Interview with Laura DeLind
My interest in agriculture and the food system began quite innocently
when, in the 1980s, I began to wonder why family-scale farmers -- good,
productive, efficient farmers (many of them friends) -- were suffering
economically. This puzzle led me to consider the larger agri-food system
-- how it was organized, what were the national policies, and who controlled
the industry. It didn't take too much time to realize that neither farmers,
consumers, nor the environment were benefiting. Rather, mega-farms and
corporate giants (now called transnational corporations) were reaping
the financial rewards from our predominantly monocultural, capital (and
chemically) intensive, and long-distance food system.
It is hard (and ultimately unhealthy) to stand in front of a speeding
locomotive and demand that it stop. After writing academic papers arguing
that the existing agri-food system was inequitable and unsustainable,
I began to consider alternative ways to support farmers and the eating
public. One of the models that caught my interest was community supported
agriculture (CSA). Here was an arrangement for overcoming the distance
(eliminating the middle man) and bringing farmers into a direct relationship
with persons who eat. It demanded a change on both sides -- farmers
would have to grow food for a local population, and local "eaters"
would have to understand (and support) farmers' efforts. Both
would have to assume responsibility for each other and their mutual
While CSA and other local/regional food enterprises are not gender
based, they tend (unlike commercial agriculture) to be equally accessible
to both men and women. They rely on human labor and knowledge (not capital);
they depend on maintaining social relationships (not technologies); and
because they are relatively small in scale, they reflect the values
of community life and the diversity of people in place. It is hardly
surprising that half of the CSA farmers in the US are women and that
women are now actively engaged in the production of fresh, local food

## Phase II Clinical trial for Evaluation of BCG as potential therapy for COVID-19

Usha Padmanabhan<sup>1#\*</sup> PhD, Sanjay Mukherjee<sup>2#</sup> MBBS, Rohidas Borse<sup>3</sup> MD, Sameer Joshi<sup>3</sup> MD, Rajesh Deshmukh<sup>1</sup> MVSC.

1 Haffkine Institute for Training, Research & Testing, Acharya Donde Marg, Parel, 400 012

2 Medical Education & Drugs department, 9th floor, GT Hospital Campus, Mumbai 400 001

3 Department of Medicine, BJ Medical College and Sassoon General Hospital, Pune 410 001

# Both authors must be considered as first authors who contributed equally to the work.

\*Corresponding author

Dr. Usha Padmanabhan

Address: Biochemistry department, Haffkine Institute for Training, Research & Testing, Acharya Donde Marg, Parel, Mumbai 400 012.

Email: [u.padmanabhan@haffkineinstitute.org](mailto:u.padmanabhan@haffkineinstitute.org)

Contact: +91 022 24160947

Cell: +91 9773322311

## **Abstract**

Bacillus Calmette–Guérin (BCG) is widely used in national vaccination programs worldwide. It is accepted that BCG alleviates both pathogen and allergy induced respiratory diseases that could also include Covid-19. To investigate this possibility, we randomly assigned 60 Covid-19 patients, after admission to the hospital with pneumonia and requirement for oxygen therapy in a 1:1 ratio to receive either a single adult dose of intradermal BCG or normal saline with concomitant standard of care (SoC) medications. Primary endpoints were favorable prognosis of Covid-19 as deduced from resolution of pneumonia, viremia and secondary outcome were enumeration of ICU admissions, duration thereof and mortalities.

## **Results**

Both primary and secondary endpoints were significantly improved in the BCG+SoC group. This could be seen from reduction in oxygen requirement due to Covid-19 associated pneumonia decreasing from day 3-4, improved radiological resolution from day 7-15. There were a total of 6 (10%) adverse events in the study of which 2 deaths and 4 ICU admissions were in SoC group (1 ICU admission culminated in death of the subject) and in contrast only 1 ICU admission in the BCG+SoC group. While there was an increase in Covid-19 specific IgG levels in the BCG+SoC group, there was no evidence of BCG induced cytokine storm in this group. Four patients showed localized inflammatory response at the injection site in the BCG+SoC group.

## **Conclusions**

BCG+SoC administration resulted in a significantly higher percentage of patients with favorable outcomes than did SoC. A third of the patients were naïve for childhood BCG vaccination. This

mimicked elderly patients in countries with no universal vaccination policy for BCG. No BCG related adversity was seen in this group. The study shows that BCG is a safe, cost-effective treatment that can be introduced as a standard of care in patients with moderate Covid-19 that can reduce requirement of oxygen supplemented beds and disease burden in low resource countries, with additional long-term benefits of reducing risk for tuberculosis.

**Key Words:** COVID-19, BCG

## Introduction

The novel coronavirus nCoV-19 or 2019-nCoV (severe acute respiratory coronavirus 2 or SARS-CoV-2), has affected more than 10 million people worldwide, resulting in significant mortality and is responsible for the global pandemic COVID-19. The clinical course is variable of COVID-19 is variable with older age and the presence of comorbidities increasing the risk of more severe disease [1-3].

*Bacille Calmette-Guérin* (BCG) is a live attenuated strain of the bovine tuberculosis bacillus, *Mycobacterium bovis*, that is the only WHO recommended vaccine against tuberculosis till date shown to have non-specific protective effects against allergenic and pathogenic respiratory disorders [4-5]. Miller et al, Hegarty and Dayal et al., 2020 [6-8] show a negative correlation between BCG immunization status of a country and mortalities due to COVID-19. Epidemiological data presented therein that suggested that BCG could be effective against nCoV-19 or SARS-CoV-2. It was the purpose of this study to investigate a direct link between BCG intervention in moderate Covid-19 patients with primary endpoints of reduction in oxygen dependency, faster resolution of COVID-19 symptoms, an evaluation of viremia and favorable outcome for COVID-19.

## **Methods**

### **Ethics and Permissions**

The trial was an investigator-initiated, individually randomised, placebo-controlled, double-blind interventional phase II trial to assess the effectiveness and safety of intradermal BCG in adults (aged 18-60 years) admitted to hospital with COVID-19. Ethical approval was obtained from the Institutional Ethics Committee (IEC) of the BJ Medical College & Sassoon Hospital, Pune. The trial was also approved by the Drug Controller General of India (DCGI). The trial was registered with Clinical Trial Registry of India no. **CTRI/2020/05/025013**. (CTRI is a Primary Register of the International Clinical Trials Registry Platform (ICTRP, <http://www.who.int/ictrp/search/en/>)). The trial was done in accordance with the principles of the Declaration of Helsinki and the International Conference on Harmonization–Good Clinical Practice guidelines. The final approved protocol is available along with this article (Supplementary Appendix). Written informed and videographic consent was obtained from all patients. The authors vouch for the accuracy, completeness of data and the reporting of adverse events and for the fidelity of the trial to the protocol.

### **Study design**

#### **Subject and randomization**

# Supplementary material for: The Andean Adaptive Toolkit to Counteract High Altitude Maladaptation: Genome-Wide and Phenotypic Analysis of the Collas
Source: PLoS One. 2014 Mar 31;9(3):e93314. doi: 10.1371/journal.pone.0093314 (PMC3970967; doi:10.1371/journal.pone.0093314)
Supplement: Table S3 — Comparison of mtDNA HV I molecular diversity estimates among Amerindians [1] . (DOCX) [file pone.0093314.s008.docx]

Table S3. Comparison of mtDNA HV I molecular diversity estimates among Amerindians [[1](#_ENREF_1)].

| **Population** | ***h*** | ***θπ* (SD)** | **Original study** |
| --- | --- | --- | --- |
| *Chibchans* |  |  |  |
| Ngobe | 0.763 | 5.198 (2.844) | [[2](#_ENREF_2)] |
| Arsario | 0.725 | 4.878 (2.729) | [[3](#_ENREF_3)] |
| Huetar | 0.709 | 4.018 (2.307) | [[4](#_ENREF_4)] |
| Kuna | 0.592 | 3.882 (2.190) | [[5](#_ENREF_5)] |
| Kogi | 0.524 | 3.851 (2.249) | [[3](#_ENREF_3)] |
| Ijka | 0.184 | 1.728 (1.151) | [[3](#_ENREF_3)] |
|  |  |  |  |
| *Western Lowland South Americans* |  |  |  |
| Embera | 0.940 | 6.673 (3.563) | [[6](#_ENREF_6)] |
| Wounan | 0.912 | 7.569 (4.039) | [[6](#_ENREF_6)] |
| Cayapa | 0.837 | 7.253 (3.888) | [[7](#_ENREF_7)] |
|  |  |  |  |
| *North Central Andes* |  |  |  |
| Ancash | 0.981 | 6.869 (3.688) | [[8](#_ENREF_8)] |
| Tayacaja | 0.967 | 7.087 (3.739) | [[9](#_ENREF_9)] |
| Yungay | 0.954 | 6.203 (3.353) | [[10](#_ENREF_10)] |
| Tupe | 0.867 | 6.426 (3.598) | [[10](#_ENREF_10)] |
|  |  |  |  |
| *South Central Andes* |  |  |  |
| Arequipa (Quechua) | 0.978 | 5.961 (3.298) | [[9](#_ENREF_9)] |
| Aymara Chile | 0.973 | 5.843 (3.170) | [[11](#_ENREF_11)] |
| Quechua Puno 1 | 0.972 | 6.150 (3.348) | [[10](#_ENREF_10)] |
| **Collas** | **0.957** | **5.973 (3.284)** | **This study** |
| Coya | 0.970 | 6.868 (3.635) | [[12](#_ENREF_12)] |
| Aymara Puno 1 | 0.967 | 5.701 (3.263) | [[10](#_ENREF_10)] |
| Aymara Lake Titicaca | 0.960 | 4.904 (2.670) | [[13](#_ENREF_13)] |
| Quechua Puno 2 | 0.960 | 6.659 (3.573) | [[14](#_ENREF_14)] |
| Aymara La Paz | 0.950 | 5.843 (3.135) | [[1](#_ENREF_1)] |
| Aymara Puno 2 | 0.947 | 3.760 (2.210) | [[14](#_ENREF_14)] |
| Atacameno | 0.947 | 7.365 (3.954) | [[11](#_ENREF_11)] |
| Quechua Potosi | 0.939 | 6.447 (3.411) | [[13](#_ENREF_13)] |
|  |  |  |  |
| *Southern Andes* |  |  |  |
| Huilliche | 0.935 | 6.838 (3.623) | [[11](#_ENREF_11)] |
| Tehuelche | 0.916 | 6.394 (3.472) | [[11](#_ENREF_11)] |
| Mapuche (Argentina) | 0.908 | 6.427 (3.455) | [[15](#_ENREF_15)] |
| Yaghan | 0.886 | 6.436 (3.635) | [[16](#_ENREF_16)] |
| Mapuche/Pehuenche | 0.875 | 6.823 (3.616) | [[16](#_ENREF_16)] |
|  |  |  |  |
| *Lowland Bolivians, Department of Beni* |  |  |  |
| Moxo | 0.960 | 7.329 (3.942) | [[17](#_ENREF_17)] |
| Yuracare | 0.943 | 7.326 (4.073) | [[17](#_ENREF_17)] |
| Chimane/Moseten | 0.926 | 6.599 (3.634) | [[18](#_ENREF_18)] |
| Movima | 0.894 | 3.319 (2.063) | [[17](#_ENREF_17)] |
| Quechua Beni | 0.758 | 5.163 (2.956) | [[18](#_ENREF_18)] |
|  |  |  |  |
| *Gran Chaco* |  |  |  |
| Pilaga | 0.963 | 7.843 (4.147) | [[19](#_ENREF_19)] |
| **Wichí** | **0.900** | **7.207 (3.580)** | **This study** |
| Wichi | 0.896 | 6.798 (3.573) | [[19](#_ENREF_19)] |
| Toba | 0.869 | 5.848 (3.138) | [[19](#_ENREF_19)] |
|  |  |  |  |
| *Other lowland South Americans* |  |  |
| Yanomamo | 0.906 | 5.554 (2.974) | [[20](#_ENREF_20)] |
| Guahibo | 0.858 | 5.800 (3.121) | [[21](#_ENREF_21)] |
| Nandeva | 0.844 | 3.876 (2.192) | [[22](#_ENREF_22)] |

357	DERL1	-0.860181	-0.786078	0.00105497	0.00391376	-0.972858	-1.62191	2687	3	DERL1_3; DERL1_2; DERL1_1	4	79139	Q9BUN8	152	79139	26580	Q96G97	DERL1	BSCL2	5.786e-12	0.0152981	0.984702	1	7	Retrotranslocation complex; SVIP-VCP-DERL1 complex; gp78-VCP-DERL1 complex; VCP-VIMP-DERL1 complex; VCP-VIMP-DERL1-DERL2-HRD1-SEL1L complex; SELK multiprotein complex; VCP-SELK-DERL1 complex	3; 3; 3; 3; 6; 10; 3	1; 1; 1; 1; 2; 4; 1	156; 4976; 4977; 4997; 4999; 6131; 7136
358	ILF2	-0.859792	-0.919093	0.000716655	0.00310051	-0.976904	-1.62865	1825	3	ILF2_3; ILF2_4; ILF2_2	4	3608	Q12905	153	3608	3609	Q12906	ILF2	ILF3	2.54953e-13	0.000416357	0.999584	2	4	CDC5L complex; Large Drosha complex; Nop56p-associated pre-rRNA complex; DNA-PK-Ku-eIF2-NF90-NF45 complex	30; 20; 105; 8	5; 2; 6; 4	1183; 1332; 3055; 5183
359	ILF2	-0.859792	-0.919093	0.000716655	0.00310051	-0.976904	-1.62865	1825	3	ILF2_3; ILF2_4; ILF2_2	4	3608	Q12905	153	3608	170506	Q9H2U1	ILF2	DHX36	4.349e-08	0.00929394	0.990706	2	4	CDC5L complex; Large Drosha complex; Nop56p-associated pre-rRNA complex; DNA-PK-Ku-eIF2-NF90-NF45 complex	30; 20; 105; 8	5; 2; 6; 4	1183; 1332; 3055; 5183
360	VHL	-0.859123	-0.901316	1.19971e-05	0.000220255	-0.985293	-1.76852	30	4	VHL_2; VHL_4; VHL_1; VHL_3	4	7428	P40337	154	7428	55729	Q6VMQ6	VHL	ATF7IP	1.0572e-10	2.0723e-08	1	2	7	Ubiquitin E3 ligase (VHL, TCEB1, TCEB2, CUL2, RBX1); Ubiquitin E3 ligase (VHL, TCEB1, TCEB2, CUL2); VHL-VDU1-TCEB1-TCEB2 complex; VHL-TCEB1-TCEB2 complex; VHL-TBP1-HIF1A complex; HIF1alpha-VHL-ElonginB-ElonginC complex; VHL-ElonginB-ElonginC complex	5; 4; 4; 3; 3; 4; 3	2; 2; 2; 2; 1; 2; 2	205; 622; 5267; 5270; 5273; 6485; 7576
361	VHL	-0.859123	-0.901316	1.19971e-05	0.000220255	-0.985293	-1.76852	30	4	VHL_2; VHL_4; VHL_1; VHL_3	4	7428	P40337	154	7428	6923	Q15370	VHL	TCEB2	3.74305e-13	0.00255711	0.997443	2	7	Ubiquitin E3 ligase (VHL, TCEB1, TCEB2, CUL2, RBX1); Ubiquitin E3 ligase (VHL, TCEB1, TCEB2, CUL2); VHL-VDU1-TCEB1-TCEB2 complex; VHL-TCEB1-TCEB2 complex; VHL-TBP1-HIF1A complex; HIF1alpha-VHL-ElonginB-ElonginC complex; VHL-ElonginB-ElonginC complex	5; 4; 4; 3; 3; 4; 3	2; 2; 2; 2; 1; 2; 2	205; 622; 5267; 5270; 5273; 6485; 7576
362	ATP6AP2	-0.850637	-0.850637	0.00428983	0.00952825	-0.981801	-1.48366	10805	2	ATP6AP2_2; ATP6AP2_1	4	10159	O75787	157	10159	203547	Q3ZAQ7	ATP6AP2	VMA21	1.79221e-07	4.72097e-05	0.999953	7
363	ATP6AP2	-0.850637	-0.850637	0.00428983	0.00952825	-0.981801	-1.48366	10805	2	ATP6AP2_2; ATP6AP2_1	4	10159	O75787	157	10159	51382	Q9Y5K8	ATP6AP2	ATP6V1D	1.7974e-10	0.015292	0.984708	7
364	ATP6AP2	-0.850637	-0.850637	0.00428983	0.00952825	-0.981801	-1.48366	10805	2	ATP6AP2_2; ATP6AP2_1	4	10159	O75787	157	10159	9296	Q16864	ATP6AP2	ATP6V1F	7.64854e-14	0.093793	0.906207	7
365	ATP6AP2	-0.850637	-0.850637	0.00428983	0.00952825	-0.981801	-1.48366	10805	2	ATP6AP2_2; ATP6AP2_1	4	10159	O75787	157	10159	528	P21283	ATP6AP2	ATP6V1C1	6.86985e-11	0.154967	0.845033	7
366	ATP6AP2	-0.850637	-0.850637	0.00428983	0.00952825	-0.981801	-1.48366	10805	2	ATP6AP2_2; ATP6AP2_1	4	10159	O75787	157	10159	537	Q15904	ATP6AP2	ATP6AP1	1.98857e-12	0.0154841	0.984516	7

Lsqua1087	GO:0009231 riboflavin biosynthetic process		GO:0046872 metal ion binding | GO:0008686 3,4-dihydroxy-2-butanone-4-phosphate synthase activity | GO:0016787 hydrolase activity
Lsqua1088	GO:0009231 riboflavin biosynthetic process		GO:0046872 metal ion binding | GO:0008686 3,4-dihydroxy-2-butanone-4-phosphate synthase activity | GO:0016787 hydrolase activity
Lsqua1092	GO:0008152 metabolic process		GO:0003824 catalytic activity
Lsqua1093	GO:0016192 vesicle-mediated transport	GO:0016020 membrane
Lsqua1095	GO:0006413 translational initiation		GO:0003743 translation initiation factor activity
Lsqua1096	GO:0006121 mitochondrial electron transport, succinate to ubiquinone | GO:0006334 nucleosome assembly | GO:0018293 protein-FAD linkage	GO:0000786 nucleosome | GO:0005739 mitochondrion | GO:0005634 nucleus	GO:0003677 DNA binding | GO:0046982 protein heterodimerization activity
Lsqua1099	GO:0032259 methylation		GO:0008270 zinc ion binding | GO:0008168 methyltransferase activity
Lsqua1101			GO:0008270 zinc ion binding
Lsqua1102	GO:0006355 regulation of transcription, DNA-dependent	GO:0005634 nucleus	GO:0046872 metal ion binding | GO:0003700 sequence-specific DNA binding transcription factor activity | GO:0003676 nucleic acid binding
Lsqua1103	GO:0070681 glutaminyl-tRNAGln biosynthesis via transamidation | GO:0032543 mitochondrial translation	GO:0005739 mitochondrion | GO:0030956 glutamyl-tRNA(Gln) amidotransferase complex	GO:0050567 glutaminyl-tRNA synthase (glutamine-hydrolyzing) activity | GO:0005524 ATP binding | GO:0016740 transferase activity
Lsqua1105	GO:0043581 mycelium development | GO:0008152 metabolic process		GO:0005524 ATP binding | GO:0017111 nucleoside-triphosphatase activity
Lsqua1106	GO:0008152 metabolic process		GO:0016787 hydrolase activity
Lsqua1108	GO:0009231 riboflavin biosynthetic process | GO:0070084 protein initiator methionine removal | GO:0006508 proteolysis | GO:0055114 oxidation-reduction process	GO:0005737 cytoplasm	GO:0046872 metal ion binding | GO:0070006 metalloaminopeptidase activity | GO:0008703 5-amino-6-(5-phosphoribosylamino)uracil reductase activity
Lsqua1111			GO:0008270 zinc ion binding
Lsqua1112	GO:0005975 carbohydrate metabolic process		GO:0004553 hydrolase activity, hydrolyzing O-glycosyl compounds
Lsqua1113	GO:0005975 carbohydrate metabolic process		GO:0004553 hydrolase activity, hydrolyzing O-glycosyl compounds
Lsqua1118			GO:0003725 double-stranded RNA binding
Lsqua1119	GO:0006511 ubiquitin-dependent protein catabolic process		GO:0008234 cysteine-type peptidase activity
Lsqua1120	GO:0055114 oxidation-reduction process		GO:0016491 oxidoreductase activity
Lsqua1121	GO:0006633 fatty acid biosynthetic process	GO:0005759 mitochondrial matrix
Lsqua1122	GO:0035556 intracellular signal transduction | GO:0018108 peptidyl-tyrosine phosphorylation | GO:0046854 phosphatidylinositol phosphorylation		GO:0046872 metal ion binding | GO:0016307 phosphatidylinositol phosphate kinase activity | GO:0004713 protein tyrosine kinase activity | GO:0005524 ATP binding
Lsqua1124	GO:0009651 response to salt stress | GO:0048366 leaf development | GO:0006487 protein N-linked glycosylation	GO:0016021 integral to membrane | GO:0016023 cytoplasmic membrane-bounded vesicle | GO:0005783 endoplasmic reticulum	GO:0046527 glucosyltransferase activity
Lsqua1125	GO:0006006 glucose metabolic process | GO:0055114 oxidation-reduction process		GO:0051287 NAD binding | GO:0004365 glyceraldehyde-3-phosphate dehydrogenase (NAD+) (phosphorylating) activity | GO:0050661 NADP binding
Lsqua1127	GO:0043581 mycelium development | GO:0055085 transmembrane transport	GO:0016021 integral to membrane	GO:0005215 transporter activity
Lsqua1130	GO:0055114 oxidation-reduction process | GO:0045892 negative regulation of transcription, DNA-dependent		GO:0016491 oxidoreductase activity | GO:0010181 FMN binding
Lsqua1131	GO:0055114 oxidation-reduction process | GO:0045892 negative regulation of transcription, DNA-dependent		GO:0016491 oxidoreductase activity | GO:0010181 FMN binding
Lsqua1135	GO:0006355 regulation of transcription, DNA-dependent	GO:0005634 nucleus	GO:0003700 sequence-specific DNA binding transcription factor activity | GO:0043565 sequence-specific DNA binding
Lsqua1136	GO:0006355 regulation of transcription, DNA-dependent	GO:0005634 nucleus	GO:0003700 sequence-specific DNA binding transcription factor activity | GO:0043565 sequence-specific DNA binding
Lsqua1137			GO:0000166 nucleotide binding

and in the re-integration of the ecological, social, and spiritual dimensions
of food and farming back into our collective bodies and lives.
As an anthropologist, I am fascinated by this process and continue
to write about -- to critique and to celebrate -- these alternative
arrangements and awarenesses. Here are some of my more recent publications:
With Jim Bingen. Publication pending. Chapter 15: "Be Careful What
You Wish For: Democratic Challenges and Political Opportunities for
the Michigan Organic Community." In Remaking the North American Food
System, edited by Thomas Lyson and Claire Hinichs. University of
With Terry Link. 2004. Chapter 6: "Place as the Nexus of a Sustainable
Future: A Course for All of Us." In Sustainability on Campus: Stories
and Strategies for Change, edited by Peggy F. Barlett and Geoffrey
W. Chase. MIT Press. Pp. 121-137.
2003. Chapter 11: "Considerably More than Vegetables, A Lot Less Than
Community: The Dilemma of Community Supported Agriculture." In Fighting
for the Farm: Rural America Transformed, edited by Jane Adams. Philadelphia:
University of Pennsylvania Press.
2003. "Community Supported Agriculture 2002: The State of the Art in
Michigan." Research report published by the National Farmers' Union.
2002. "Place, Work and Civic Agriculture: Common Fields for Cultivation."
Agriculture and Human Values 19:217-224.
2001. "Interactive Foods for Children: Marketing Child's
Play vs. Playing in the Garden." Gastronomica 1(4):74-79.
2000. "Transforming Organic Agriculture into Industrial Organic
Products: Reconsidering National Organic Standards." Human Organization
59(2):198-208. Summer 2000.